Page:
Things have gone horribly down-hill since the day of my
mother’s stroke. I am back in California. Mum is at home with carers going into
her house 3 times a day, 7 days a week. Her husband is in the Old People’s home
I chose for him and placed him in permanently.

I feel very strongly that this story, the story of my mum who
was fiercely independent, and the story of our relationship tossed around in
the devastation of her stroke needs to be told. I have decided to put my other
project on hold while I work on this. I hope those of you helping with Kippers
and Bombs will bear with me.

I am of a generation and live in a time when the world we
have been raised to believe “is our oyster”, really is our oyster. We start our
lives precious in the safety of a tightly protective shell, and then we take
the opportunities that present themselves to us as precious gifts. Sometimes
the pearls we are stay close to home, but more and more these days, we leave
our families; parents, siblings, aunts and uncles et cetera and journey afar
without thinking of the consequences. It is nothing these days for us to choose
to travel six thousand or twelve thousand miles around the world and make new
lives for ourselves, make our new families far away from our roots and our parents.
When we are young we do not always think of the consequences of old age and
distance from our parents.

I am my mother’s only child. I live six thousand miles away
from her. My mother and I have never had an easy relationship. As you read our
story you will hear of the years of silence between us, the most recent of
which was fourteen years long during which I lost a kidney due to a tumor, and
she married Hugo, as soon as divorce became legal in Ireland. Neither of us
shared in these important happenings in our lives. We live in a day when the “blended
family” is common. I am a part of a blended family. I have a step-sister and
two step-brothers. Our parents left their respective spouses for each other and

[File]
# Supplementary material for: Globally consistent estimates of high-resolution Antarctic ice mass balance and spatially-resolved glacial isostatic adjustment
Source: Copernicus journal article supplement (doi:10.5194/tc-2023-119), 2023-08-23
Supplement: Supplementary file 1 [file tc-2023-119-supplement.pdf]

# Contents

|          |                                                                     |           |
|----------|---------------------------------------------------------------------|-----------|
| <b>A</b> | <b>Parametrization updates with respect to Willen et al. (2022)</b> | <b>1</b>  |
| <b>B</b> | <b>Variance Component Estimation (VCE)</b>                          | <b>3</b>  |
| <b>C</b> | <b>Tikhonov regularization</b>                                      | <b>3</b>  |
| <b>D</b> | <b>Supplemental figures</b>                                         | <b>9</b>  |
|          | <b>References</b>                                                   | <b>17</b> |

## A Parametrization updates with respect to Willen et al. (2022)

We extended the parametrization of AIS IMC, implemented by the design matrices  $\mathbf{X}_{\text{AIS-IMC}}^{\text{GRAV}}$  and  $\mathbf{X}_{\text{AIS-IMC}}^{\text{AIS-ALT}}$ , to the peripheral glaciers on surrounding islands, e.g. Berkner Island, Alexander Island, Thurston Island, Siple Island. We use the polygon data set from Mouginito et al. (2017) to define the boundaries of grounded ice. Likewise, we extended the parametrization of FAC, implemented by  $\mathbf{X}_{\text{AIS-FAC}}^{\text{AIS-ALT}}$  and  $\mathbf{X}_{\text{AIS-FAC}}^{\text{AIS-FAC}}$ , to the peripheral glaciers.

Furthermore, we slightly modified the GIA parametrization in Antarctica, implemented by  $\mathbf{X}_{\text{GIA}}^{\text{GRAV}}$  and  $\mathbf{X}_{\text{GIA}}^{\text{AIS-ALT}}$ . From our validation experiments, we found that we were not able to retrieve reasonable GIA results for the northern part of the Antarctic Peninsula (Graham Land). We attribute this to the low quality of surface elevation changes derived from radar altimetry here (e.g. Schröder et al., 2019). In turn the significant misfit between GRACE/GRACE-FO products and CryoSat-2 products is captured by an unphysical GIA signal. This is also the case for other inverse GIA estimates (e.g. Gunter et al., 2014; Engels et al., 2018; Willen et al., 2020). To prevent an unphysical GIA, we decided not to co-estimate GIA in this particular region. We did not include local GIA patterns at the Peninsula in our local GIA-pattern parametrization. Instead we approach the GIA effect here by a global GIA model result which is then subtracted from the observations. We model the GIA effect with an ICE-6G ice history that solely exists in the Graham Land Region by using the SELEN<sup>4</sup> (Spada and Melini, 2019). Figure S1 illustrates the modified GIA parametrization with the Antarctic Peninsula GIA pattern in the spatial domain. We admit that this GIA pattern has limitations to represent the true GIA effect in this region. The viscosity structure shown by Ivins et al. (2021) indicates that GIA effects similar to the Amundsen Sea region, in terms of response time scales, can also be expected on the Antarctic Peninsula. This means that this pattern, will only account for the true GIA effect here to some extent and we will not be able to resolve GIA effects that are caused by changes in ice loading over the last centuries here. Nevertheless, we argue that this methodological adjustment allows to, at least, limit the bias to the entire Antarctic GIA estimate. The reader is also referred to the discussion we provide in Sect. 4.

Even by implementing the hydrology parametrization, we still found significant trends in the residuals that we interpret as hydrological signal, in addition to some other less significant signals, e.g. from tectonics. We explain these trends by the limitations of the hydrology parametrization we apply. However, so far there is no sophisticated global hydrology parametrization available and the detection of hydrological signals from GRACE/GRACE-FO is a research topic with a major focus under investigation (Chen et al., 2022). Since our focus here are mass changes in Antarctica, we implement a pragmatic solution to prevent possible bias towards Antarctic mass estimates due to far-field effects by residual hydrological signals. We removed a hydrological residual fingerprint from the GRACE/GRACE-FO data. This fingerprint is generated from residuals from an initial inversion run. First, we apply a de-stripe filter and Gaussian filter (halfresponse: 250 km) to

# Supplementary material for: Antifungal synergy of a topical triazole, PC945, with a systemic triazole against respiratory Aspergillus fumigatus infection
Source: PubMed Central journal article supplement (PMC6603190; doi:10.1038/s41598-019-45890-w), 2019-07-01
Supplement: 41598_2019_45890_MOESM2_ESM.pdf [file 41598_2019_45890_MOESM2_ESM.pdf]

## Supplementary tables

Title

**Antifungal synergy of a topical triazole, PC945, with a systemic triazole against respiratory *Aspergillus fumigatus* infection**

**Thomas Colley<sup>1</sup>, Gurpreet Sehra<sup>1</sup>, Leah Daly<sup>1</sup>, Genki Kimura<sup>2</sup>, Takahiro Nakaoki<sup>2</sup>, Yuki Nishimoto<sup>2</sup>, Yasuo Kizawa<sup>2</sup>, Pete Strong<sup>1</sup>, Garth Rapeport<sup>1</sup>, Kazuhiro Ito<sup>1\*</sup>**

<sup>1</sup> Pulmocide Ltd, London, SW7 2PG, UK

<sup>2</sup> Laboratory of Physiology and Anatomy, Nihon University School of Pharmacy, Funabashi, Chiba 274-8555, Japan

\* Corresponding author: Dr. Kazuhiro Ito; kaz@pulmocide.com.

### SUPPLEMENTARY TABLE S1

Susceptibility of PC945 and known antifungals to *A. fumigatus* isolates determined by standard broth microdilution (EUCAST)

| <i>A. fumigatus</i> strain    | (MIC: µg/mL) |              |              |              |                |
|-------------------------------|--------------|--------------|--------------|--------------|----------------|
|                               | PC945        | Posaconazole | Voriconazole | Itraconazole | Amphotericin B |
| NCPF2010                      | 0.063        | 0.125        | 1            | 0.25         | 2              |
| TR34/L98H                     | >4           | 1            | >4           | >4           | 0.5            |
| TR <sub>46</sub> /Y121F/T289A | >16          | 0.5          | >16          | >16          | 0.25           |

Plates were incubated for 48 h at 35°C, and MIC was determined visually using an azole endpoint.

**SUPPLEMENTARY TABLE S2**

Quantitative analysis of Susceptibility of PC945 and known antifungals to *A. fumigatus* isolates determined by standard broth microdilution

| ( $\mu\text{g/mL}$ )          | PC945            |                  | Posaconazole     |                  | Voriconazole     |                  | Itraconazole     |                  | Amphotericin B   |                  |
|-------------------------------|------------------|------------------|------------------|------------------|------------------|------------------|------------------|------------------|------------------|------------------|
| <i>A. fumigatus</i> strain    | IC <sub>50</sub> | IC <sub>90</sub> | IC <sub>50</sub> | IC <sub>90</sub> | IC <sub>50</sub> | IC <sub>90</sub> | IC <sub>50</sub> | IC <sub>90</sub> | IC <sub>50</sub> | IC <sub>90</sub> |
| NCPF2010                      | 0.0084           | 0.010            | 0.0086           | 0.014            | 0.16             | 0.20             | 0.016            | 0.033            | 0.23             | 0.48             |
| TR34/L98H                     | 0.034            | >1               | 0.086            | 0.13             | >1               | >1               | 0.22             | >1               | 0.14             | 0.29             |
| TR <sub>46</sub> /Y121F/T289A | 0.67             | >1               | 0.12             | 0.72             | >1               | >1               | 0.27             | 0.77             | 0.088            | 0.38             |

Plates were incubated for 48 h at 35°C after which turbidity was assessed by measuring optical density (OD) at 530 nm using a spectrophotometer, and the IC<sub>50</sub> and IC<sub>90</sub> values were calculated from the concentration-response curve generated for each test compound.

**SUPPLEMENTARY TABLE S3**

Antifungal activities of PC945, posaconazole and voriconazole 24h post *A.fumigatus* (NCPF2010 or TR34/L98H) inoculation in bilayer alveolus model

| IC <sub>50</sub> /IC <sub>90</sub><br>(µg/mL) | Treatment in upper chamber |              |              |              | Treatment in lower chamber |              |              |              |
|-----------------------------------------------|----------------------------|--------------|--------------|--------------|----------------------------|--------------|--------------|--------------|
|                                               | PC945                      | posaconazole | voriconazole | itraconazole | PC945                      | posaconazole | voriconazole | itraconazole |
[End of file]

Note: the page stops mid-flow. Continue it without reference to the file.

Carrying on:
inevitably we all experienced the break-ups and new unions differently. Since
my mother’s stroke, and as I became the primary care-giver for my step-dad, I
have become much closer to my step-siblings. It wasn’t an easy journey
negotiating how we would divide up caring for each of the parents during this
time. I am delighted at the presence of my step-siblings in my life now. Still,
I managed the time with my mother post-stroke with very little support in
Ireland. Friends and family in England and Wales did all they could to help me.

I lost my mother the day she had the stroke. That was
difficult to say the least. What added to that stress and grief was the
interference of outsiders. Instead of my mother and I being supported by the
professionals and people around us who had the power and ability to do so, our
relationship was further damaged by them. I have no time for the victim
mentality. This is not the story of a victim. It is a story that will resonate
with many, and hopefully forewarn and forearm other people who might one day
find themselves in a similar situation to mine. Perhaps in writing this story,
a memoir of my mother and I nestled in the context of her stroke, I will be
able to give voice to some people who have lived through similar experiences,
similar pain and joy, and who have not been able to find the words with which
to share their experiences.

After eight months of silence, I thank you for taking the
time to read this rather long letter. I don’t have a title for the book yet. I
invite you to read excerpts from it as I post it on my blog under the heading “Mum’s
Stroke.” I must warn you though, some of the writing is raw and might be hard
to read.

Warmly,

Belinda